Wednesday, January 09, 2013


Raghunath Nageswaran (Guest Author)
2nd BA Economics,
Loyola College.

Connectivity and life have become so interwoven that we are bound to associate ourselves closely with people, in reality and in virtual terms too. We get annoyed if the line gets disconnected when we talk over the phone, when we chat on face-book and when we do other ‘important’ activities of that ilk. Here it goes. A leading journal reported that there are in this country, 51 million subscribers to Facebook, 31.3 million to YouTube and 16 million to Twitter. Very recently, IMRB and Internet and Mobile Association of India pegs India’s internet user base to 150 million by the end of this year. Many teenagers consider it embarrassing not to have a Facebook or Twitter account. The virtual elements seem to define connectivity and socializing in better terms. But the matter of the fact is that we are utterly disconnected from the reality, affected by privacy syndrome and over-confidentiality crisis. The ‘disconnection’ assumes serious proportions when it is deeply ingrained in the lives of those who are subject to penury. The celebratory stories of progress and prosperity in the country are bogus, I’d say. Because, that is something which is not compatible with the lives of the marginalised. But, we frantically talk of the ‘majority ’principle, which is highly vulnerable to malleability .The
welfare projects spanning decades that have been undertaken have culminated in serious displacements and disconnections. In the period 1950- 90, nearly 26 million Indians got displaced due to the dams and canal projects, thermal power projects, mining and sanctuary projects, and such displacements are development- driven. In the name of development projects these people are evicted from their places, after their lands are acquired. The displacement we are talking about includes just the land – related ones. They are deprived of compensation, and even if they are compensated, they get nothing more than peanuts. There are resource – related, calamity – driven and conflict - driven displacements too. Forced eviction is a serious human rights violation as per the UN protocols. But, as I mentioned earlier these projects wear the garb of patriotism, the policy makers claiming that these measures are of immense national interest. I’ll throw some numbers at you in this regard.

1) On a state-by-state basis, we found thatWest Bengal has 7 millions of the total number of 60 million (Fernandes, et al. 2006) and Assam has 1.9 million (Fernandes and Bharali 2006). The ongoing study carried out in Gujarat by the Centre for Culture and Development points to some 7 million people in that State (Lobo and Kumar 2007).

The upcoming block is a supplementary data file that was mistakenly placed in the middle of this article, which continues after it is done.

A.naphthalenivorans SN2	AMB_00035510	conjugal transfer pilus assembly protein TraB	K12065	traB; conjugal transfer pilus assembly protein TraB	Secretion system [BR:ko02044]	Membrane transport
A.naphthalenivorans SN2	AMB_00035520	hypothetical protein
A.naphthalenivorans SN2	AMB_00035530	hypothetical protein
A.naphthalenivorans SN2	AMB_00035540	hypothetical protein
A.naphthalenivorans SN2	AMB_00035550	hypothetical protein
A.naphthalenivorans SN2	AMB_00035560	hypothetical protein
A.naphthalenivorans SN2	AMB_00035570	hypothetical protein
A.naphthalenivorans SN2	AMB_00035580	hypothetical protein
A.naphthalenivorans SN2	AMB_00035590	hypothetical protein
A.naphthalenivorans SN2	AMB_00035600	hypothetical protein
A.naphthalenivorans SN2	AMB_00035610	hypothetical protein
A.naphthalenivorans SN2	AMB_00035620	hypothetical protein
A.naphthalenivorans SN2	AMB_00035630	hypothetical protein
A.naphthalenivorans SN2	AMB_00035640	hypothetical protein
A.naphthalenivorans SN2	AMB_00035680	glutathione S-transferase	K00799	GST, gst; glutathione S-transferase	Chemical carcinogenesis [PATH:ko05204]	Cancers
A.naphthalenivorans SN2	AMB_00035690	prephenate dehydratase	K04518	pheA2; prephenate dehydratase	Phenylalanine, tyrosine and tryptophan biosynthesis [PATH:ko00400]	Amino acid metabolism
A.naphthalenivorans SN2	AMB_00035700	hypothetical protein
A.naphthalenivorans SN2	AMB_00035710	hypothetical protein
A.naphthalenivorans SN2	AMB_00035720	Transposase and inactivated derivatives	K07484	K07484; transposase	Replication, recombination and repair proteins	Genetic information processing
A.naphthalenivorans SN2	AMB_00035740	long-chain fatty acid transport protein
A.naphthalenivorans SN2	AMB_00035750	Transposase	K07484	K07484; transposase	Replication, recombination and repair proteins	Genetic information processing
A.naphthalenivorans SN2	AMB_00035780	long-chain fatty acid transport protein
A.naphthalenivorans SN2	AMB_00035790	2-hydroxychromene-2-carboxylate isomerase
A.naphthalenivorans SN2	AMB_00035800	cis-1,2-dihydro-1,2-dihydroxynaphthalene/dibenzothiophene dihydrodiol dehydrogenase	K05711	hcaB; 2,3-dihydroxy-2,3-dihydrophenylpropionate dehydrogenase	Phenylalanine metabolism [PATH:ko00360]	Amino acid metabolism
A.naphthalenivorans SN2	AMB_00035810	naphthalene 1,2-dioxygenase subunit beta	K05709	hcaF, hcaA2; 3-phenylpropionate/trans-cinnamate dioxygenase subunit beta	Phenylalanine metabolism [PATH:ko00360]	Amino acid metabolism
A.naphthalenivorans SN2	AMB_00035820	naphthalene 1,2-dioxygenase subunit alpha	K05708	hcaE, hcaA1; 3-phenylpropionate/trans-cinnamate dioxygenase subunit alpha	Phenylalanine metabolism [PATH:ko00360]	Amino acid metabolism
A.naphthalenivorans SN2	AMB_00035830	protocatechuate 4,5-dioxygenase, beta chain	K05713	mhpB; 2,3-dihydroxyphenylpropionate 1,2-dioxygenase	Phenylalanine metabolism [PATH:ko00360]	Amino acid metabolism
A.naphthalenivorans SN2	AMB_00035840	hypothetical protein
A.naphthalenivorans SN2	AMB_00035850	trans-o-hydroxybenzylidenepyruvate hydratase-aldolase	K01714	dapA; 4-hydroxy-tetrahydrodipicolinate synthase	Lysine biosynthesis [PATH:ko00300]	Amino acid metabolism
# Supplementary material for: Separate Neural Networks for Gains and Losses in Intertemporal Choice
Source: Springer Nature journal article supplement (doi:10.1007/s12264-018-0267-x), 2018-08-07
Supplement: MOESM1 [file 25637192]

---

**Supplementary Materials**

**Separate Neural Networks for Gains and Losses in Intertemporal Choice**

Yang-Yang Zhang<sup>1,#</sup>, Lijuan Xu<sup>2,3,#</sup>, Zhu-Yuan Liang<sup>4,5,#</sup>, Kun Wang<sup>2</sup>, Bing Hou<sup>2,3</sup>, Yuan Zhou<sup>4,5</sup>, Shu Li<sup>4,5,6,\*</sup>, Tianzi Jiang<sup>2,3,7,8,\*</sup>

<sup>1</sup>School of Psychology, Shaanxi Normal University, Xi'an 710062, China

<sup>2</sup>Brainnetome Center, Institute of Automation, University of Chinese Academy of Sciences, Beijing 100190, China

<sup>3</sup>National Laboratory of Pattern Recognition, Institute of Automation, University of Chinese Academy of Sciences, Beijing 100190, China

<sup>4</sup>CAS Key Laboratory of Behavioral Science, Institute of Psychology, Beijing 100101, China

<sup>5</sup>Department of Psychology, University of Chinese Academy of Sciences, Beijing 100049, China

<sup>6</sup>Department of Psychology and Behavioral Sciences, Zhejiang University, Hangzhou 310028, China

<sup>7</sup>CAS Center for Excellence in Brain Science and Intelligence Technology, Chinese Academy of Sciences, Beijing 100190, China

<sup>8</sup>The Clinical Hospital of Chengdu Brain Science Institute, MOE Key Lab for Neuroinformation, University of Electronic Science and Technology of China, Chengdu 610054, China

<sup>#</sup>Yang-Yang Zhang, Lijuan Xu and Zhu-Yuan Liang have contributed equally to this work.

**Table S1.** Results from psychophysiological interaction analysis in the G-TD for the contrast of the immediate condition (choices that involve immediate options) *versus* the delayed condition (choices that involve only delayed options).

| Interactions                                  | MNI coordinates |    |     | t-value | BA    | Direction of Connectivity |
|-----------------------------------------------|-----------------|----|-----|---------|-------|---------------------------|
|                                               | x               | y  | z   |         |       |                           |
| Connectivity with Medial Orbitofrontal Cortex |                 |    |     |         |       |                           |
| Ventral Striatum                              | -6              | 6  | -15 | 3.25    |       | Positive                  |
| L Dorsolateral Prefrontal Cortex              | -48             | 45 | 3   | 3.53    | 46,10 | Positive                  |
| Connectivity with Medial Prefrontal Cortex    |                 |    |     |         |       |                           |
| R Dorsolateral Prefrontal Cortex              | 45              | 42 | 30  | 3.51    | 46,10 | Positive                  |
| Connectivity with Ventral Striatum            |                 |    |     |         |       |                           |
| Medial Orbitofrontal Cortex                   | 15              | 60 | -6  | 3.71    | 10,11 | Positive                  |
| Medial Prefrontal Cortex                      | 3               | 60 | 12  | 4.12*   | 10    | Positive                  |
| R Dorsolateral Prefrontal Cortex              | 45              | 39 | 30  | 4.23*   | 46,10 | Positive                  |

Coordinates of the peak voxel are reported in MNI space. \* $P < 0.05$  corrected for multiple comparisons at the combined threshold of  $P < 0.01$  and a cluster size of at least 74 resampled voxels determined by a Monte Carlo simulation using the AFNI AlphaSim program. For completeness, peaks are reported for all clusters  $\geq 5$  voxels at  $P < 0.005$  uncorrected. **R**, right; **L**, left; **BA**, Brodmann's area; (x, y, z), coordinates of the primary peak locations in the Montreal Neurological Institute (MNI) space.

2) The tribals represented 8.08 per cent of India’s total population in 1991, but are estimated to represent much more. Some 40 per cent of the DPs/PAPs (Fernandes 2007). At least 20 percent are Dalits (Mahapatra 1994) and a big proportion of the rest are other assetless rural poor like marginal farmers, poor fishermen, and quarry workers.

Between 1990 and 2000 alone, nearly 10 million across the world people were caught in the trap of displacement. The irony is that multitude of projects initiated at the cost of the innocent and the desperate still remain unfinished. And majority of the displaced have not been rehabilitated, their lives speaks volumes about the state of misery in India. These people are completely disconnected from their lands, resources and even their homes. Today, many leave their places since agriculture has failed and seek refuge in urban areas, the result of which is reflected in the 2011 Census – Growth in Urban population outnumbers rural population growth for the first time in several decades. The MGNRGES was launched with a vision of curtailing this trend, but has shown progress only in patches. The farmer suicides in massive numbers have resulted in one of the greatest displacements in Indian history. The displacement issue in Jammu and Kashmir, in the neglected parts of North-east and even the ones sprung from Partition still remained unsettled. We are not able to offer minimum life security to millions in our country, how can we be exceedingly proud of our growth?

These issues are often sandwiched between figures, which fail to capture the seriousness of the issue completely. The Narmada Bachao Andolan, spearheaded by Medha Patkar caught the attention of the people. Such meaningful movements can demand legitimate actions from the part of the incumbency for the restoration of lives of such people who are pushed to the fringes. The cruelty of factionalism took its supreme form in Assam in July this year, causing a colossal displacement and disconnection. We consider the north-easterners aliens to the county at best, and consider them Chinese at worst. That is why our heart fails to bleed when people of that region, separated from the ‘mainland India’ suffer. The 4 lakh refugees, driven by the fear of mass killings left their homes, scurried to the refugee camps. Now they are disconnected from their land and resources. There was not a single OB van ferrying in that region to provide real-time coverage. The growing disconnect between the mass reality and the mass-media, as P.Sainath say, is evident from such painful happenings. The cruel face of ‘disconnection’ amongst the destitute matters more than our connectivity over social networking sites. Well, that too has become a matter of great attention as the images posted in those sites triggered an unprecedented exodus of the north-eastern people from the southern states. The effects of either forms of connectivity cannot be offset very easily. The solution lies in striking an ideal balance between the two, through the concerted efforts of the state and the masses.

Jai Hind!